To build on my pupils’ newly acquired knowledge of rational variety equivalency, I utilize math calculators to teach them multiplication and division using fractions and decimals. As with the shared problems, I begin by demonstrating to pupils known equal fractions and decimals, such as 1/2 = zero. five and 3/4 = 0.75. Students figure out how to create decimal forms using the numerator and denominator. They eventually figure out the department algorithm (numerator denominator). When they’ve mastered this skill, the real fun begins. I invite college students to see if they can apply their conversion strategy to make this process easier. After a few successful struggles, pupils arrive at zero.25, which they commonly interpret as equal to 1/4. Soon, they’re having a discussion about how they could have just accelerated the denominators without all that decimal nonsense.
“But how close are the numerators?” I inquire. Perhaps they multiply as well, but my pupils aren’t sure. That’s while we get rid of every other annoyance: 3/4 multiply by 2/5. The students initially hypothesize that they multiply the numerators and denominators, yielding 6/20.
“But how can we be certain?” I inquire. So, what if we converted our answer directly into a decimal? Finally, the academics are able to affirm that 6/20 is the solution, since 3/4 2/5 = 0.75 multiply zero.four, which equals zero.three, and 6 divided by 20 = zero.three.
Throughout the class, I give students challenging problems, such as those with incorrect fractions and mixed numbers, and all of their work can be verified with the use of calculators; they do not want me to continuously assess their work, which results in more independence in problem-solving.
The most amazing thing I discovered was how effortlessly college students could paint with repeated decimals. While it took some time or even more efficient effort, my college students were able to solve multiplication and department problems with all types of fractions that had repetitive patterns. They got started.
They began to realize that typing in a series of 3s represented zero. Three were supplied to them that were pretty close to the true answer for 1/3 divided by 1/4 (zero.3333333 divided by zero.25 = 1.3333332, a completely close approximation of the real solution of 1 1/3). I never learned how to operate with repeated decimals as well as my college students did throughout the rational variety subject, thanks to their usage of calculators.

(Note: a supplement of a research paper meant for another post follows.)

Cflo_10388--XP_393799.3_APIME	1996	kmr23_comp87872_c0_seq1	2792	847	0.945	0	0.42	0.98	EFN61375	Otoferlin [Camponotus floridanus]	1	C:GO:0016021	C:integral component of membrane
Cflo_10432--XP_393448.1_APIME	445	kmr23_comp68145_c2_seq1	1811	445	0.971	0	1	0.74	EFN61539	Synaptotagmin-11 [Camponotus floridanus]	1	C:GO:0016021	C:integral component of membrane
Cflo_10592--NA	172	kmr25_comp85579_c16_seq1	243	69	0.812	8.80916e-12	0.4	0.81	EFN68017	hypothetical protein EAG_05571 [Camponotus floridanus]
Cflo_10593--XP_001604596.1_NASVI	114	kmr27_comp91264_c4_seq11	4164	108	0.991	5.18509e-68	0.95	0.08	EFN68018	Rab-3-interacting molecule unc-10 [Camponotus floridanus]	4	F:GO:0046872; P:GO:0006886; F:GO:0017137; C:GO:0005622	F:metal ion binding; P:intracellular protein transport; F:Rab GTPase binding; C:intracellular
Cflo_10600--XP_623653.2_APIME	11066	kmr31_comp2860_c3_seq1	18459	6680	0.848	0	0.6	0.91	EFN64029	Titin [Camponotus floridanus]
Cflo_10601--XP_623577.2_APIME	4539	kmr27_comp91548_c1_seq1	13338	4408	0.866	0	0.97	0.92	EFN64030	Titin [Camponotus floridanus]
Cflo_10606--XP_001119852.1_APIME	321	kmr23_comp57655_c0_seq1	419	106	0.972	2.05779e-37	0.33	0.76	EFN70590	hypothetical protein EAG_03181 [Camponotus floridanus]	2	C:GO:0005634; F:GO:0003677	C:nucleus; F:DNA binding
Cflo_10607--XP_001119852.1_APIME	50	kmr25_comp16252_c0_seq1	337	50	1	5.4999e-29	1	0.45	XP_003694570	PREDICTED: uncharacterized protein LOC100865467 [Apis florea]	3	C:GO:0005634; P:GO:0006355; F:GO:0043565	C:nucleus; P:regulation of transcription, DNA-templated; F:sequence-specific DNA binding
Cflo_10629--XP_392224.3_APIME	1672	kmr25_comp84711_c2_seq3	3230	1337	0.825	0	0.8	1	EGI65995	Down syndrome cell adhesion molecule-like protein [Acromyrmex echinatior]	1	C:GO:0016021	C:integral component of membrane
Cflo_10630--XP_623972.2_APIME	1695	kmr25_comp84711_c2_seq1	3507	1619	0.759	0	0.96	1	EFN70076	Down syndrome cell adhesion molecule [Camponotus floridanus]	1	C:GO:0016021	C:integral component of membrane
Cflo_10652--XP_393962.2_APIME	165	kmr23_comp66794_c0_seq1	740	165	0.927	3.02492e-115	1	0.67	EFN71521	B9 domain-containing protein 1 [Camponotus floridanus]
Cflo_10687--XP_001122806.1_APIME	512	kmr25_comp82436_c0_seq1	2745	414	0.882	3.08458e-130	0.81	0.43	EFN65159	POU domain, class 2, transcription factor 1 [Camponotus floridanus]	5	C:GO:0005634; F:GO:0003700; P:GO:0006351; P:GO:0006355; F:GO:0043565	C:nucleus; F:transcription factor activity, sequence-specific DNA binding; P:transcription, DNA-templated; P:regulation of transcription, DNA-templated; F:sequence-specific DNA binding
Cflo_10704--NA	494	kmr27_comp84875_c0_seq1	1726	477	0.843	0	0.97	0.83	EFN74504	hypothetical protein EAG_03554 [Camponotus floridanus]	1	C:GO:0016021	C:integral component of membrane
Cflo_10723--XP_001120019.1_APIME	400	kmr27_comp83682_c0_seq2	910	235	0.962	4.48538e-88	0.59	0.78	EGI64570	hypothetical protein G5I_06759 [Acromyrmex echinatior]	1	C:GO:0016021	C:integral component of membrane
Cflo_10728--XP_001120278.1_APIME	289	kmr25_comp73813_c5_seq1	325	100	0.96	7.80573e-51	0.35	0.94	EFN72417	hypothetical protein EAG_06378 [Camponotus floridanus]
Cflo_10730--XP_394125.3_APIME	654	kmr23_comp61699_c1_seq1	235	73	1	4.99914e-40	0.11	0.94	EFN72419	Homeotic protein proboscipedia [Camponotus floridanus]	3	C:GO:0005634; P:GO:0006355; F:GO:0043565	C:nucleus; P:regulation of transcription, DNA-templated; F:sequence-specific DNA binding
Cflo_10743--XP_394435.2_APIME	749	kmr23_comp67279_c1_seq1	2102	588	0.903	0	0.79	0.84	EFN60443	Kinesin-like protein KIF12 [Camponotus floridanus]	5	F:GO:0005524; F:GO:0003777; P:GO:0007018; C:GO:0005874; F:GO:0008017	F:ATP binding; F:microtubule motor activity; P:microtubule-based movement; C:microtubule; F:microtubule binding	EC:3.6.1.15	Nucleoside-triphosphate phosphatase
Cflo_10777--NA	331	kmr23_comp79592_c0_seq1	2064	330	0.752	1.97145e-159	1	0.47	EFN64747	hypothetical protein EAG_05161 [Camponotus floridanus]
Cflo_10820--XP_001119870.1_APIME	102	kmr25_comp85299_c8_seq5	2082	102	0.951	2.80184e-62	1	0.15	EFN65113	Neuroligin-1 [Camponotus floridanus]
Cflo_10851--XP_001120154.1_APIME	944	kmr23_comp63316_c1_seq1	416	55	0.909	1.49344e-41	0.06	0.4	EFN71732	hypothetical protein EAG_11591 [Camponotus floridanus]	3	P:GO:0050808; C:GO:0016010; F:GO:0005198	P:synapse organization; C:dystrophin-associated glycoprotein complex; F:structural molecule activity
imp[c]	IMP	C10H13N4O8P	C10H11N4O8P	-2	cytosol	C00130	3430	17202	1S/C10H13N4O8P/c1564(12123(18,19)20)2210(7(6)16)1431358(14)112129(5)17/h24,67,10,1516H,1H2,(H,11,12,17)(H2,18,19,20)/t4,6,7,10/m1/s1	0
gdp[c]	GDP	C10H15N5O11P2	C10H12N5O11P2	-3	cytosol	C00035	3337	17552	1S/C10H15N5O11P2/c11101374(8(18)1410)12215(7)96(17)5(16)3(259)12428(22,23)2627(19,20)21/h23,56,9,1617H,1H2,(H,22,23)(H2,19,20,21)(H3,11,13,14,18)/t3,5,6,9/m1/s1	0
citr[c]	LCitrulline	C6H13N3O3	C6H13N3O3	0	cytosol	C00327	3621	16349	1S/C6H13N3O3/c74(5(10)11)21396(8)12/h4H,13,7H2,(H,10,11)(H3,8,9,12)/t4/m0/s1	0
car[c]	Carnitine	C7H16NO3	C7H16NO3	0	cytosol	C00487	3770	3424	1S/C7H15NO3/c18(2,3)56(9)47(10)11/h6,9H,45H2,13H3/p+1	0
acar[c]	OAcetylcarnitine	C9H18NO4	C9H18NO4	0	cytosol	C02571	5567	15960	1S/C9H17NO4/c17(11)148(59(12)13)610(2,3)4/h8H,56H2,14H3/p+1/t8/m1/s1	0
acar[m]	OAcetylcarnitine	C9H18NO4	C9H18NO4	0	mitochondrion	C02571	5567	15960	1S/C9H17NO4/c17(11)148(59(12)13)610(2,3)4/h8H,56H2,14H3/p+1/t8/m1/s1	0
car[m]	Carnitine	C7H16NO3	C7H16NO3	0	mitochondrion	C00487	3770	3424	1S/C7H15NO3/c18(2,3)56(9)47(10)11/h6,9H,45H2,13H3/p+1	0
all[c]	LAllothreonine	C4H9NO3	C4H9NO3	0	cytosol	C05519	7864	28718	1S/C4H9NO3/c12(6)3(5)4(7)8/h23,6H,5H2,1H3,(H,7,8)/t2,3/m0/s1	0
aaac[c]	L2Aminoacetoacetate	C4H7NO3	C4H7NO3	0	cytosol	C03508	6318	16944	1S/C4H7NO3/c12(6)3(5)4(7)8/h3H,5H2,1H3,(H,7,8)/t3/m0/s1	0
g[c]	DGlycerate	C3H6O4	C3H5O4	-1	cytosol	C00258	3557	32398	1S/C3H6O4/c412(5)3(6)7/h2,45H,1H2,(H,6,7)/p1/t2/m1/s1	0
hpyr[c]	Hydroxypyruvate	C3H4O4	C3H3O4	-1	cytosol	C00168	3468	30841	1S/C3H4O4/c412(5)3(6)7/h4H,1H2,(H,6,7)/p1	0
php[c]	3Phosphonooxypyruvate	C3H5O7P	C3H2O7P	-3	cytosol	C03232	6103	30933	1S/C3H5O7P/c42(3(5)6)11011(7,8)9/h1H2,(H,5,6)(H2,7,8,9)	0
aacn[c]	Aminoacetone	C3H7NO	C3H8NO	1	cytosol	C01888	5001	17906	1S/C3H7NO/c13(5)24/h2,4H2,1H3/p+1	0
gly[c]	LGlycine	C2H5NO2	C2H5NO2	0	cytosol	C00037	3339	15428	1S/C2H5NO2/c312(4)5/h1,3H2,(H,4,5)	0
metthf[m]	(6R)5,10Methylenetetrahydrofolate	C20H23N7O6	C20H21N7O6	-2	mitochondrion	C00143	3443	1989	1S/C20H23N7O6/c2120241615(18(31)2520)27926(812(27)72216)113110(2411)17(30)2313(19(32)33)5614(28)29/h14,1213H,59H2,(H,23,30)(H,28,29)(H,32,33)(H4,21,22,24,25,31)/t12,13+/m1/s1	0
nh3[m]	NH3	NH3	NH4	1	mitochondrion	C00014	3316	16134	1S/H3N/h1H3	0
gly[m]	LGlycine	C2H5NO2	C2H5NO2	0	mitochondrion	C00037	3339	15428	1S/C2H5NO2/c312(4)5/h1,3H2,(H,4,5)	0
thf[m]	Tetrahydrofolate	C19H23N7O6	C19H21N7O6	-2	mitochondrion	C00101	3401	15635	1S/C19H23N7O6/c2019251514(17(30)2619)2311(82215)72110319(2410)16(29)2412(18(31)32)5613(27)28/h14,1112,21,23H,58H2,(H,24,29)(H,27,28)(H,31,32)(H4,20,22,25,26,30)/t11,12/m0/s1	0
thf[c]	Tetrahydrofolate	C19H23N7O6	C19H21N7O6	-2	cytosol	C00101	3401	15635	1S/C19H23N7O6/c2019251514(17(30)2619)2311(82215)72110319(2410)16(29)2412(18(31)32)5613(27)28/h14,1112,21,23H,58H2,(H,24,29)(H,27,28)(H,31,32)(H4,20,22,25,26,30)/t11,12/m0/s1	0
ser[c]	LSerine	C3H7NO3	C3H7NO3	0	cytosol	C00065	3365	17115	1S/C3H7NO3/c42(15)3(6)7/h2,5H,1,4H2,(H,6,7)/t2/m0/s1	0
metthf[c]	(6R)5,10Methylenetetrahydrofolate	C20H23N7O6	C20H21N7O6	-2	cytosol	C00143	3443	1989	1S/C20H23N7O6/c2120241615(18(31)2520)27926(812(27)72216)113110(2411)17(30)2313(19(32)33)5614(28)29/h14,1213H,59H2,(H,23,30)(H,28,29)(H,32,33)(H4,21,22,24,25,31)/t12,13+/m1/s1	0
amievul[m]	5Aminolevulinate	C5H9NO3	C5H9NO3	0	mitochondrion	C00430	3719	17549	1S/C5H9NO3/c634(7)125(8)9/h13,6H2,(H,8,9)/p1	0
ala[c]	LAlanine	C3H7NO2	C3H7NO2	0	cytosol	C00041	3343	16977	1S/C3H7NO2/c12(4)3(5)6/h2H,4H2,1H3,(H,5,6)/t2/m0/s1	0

It takes a lot of planning and forethought, as well as reconsidering what we believe is important for children to learn in math, but when you unleash the power of a math calculator, you provide pupils access to arithmetic in whole new ways. What comprises elementary mathematics must be defined.
What defines elementary mathematics must adapt to our changing reality. Our kids will spend their lives living in the twenty-first century, and calculators will be critical to providing them with a true twenty-first-century education that includes twenty-first-century arithmetic fundamentals.
Should calculators really be included in the class?
Without the use of a calculator, students may improve their fluency and mental math abilities. Visual models and number sentences assist children in locating solutions while also improving number sense, mental math, and problem-solving skills. When kids become overly reliant on calculators, their fluency and numerical awareness suffer.
Should students use calculators or not?
Calculators, on the other hand, serve an important part in increasing students’ familiarity with numbers and operations, as well as estimate abilities, when used effectively. Furthermore, the judicious usage of calculators promotes an effective learning environment that fosters a good attitude toward mathematics (Ellington, 2003).
When to allow students to use calculators?
They will need calculators to deal with the intricacies of college, but they should wait until they are advanced enough to estimate. So, in the United States, my response is somewhere between 8th and 12th grade.